Ideas to help you get started:

  • Try saying, “There are some things you need to know as you grow. Would you like to have a talk to me about them, or would you like to read a book about them first?”
  • Try saying, “What do you need from me when you have got your periods? How can I be supportive?”
  • Give her ownership of other decisions in the home – on Friday you choose what we eat, where we go, and what we do.
  • When solving a problem, ask what she would like to do first and champion that voice.

Create Milestones

Celebrating periods is a tradition many families have. These celebrations may be as simple as sharing your first period story with grandma over ice cream, or as elaborate as hosting a period party. Make sure you ask your daughter how she would like to celebrate, if at all. It’s beneficial to celebrate lots of different milestones during puberty. Some dads choose to create special date nights as their daughter nears adolescence. Some dads choose to go for a nightly walk or cook together, knowing they need to be more accessible. The method doesn’t matter. The connection does. 

Ideas to help you get started:

  • Schedule time in your diary to get to know your growing girl. You might plan to go out for coffee once a fortnight during her first year of high school.
  • There are a number of camping and conference-style puberty programs which aim to celebrate the transition to adolescence. This may be something you use to create a memorable milestone for them.

Update Your Privacy Policy

Little girls don’t get too fussed about privacy and personal space.  As they get older, this will change. This can be a big adjustment for many homes, and one which we need to make sure everyone is on board with, including siblings. When we respond to requests for privacy, we model the message that her voice is important, and she is the boss of her body.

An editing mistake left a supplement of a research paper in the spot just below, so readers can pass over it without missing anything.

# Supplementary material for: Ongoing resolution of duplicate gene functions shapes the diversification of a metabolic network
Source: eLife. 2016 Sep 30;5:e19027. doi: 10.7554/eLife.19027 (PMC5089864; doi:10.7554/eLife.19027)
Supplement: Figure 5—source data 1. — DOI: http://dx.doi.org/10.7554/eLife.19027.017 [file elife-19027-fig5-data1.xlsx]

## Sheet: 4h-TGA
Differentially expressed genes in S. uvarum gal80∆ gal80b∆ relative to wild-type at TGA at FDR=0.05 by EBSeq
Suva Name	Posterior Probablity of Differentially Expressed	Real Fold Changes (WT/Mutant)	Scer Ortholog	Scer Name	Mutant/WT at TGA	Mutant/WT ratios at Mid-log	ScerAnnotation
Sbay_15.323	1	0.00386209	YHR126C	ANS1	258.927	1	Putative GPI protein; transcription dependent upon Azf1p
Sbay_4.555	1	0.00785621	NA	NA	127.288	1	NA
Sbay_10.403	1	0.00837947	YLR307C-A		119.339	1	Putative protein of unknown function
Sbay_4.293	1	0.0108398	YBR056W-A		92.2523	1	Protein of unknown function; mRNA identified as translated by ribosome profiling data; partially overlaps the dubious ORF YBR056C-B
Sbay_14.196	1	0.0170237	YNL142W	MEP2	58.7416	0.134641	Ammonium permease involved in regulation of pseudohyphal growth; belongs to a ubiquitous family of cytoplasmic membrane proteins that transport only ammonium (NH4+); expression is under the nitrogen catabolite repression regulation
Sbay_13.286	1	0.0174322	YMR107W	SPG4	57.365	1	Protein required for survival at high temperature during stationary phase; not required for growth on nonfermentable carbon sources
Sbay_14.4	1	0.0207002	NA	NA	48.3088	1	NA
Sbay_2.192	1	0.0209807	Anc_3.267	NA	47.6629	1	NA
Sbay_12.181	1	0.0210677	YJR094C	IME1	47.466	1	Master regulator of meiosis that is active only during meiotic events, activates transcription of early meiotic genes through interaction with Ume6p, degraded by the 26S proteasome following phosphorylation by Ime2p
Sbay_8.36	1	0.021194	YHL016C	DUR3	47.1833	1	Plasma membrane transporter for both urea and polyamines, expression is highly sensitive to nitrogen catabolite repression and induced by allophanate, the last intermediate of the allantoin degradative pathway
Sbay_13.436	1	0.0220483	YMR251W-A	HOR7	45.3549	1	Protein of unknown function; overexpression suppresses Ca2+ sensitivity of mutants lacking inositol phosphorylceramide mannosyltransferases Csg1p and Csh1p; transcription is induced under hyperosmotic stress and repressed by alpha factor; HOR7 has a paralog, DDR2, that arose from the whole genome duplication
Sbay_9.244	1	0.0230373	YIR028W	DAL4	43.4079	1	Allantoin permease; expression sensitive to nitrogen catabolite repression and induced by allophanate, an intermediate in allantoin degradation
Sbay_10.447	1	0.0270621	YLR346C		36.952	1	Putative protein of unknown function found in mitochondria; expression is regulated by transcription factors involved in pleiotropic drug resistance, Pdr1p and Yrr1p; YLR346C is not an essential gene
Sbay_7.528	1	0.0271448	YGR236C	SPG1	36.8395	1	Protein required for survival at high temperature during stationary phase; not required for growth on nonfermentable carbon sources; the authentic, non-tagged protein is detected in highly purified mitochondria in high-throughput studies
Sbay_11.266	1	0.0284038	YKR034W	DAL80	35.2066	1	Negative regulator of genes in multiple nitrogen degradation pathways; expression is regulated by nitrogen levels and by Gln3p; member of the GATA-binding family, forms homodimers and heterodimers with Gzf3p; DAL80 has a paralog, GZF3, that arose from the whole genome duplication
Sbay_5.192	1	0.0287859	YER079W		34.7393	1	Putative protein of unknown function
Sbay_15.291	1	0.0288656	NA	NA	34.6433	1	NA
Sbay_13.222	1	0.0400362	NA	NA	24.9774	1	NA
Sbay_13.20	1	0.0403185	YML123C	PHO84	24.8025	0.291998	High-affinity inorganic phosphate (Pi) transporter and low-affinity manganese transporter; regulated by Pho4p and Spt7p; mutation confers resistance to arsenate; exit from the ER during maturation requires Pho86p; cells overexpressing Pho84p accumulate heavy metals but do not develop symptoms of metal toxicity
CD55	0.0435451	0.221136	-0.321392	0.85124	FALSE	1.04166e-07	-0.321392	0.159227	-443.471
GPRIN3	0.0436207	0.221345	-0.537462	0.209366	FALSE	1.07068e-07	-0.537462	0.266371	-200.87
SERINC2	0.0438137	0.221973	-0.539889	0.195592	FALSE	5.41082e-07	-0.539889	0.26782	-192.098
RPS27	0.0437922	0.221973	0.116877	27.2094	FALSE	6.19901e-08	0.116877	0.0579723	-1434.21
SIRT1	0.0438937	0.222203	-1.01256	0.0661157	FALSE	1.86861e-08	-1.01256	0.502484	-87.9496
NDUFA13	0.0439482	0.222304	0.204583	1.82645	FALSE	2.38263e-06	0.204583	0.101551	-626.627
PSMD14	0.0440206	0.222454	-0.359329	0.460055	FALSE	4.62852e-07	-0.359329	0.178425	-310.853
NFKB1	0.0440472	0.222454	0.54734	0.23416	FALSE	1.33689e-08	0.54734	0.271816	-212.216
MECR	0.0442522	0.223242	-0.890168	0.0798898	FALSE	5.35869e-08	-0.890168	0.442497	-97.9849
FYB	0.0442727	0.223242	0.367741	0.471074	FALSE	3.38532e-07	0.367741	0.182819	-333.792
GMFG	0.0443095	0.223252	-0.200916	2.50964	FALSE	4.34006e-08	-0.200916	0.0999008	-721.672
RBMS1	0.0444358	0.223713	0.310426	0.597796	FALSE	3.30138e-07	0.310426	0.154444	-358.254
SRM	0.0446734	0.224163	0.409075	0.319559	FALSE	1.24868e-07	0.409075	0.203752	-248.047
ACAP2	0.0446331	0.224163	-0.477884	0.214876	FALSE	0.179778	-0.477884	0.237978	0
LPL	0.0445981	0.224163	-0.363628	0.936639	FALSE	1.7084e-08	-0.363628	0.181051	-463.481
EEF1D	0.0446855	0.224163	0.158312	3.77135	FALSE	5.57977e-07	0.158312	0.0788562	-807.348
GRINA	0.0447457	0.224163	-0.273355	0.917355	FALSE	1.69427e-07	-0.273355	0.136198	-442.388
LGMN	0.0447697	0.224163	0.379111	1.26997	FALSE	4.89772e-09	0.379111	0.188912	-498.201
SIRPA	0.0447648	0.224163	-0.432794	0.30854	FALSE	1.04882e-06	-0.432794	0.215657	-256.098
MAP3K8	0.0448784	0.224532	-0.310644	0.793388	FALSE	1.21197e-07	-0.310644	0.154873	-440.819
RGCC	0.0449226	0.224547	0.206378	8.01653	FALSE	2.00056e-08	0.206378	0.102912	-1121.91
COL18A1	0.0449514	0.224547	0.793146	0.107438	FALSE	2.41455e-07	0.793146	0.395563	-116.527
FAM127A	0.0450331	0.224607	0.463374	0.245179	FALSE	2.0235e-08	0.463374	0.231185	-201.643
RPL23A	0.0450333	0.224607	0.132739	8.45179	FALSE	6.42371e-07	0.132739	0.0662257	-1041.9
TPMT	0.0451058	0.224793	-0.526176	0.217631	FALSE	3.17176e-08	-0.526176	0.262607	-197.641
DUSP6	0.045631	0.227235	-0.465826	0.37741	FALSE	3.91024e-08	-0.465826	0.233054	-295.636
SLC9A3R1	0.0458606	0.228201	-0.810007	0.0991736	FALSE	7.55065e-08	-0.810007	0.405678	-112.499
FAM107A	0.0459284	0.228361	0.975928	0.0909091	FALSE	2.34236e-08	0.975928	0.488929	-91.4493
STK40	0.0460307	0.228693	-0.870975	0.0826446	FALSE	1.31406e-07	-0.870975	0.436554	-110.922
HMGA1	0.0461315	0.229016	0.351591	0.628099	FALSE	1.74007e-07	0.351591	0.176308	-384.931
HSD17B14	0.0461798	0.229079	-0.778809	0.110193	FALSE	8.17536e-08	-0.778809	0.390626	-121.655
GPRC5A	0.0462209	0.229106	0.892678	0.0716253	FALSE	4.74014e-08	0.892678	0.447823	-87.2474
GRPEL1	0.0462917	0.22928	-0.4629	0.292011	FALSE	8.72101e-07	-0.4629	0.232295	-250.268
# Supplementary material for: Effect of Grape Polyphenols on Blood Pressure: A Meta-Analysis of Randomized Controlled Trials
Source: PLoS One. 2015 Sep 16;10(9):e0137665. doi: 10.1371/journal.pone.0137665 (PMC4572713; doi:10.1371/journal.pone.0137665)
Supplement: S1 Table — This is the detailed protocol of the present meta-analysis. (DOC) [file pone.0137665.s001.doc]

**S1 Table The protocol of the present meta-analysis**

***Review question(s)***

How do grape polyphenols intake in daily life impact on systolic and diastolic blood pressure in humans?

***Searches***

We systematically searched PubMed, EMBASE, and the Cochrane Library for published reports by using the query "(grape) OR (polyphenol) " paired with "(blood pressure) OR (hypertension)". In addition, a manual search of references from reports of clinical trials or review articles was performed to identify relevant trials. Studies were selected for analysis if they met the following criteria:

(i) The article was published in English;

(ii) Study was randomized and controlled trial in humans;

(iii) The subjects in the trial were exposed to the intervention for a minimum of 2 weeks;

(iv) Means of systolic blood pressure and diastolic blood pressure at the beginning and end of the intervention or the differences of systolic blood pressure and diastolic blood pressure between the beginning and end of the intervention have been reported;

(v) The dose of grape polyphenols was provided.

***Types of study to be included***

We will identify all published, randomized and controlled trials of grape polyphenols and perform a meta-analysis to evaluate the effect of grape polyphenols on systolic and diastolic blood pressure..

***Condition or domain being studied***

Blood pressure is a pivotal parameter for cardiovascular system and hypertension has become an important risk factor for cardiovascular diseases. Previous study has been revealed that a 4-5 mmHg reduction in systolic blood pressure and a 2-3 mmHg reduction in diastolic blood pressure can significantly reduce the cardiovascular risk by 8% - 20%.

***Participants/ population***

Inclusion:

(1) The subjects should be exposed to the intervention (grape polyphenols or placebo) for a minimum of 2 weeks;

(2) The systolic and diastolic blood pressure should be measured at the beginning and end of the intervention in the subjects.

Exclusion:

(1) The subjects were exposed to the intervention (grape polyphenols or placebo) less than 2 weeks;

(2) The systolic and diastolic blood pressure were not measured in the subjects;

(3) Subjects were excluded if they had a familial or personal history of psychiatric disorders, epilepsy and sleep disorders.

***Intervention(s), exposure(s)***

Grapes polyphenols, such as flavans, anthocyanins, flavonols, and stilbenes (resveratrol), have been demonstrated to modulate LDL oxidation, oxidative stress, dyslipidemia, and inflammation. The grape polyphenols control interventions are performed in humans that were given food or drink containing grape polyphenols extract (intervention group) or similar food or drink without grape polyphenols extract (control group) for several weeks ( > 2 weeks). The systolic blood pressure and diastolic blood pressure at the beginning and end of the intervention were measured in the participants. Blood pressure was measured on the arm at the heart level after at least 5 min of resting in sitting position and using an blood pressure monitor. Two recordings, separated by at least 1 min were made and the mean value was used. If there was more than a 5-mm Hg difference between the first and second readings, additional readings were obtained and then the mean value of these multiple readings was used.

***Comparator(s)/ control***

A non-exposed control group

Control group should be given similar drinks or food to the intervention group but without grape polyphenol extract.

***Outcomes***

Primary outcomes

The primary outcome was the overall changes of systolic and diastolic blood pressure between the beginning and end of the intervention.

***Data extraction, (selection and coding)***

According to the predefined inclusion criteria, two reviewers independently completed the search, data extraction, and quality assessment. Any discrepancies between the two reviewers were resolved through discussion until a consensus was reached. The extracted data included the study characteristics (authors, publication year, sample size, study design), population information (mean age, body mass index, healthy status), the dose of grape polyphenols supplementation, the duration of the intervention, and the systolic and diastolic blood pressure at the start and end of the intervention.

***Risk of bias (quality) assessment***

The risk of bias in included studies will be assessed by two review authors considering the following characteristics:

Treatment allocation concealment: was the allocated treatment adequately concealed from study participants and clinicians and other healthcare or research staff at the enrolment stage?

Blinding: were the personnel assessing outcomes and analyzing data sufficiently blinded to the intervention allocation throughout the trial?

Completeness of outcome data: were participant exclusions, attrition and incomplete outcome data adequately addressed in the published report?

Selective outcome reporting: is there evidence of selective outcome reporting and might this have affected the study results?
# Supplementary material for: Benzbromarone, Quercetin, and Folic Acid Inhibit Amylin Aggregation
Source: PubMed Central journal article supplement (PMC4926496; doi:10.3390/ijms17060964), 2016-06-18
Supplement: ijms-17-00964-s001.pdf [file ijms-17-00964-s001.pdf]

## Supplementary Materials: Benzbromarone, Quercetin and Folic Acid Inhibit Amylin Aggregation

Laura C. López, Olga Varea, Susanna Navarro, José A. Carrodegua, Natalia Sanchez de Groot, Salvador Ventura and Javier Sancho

Ideas to help you get started:

  • Make sure you know what your daughter is comfortable with and what she isn’t comfortable with.
  • Knock and pause to gain her consent before you enter her room.   
  • Try saying, “Let me know if you need privacy from your brothers. I can help with that.”
  • Make a special effort to take her to the grocery store later at night, so you can spend some time looking for the “right pads” without other people being in the aisle.

Value Education

We live in a society that doesn’t support men talking about women’s issues, so I understand that dads might feel a tad unqualified, or uncomfortable with these discussions. However, living structures have changed, and dads are often on the front line of caring for their daughters. Whether you are the main supplier of period education, or not, a book can be a great way to break the ice.  I wrote “A Girl’s Guide to Puberty” , “A Guy’s Guide to Puberty” (and created an online puberty program “Talking About Puberty”) to help parents kick-start conversations in a fun and age-appropriate way. They are designed to do the “heavy lifting” for parents, but they will never replace you.

Ideas to help you get started: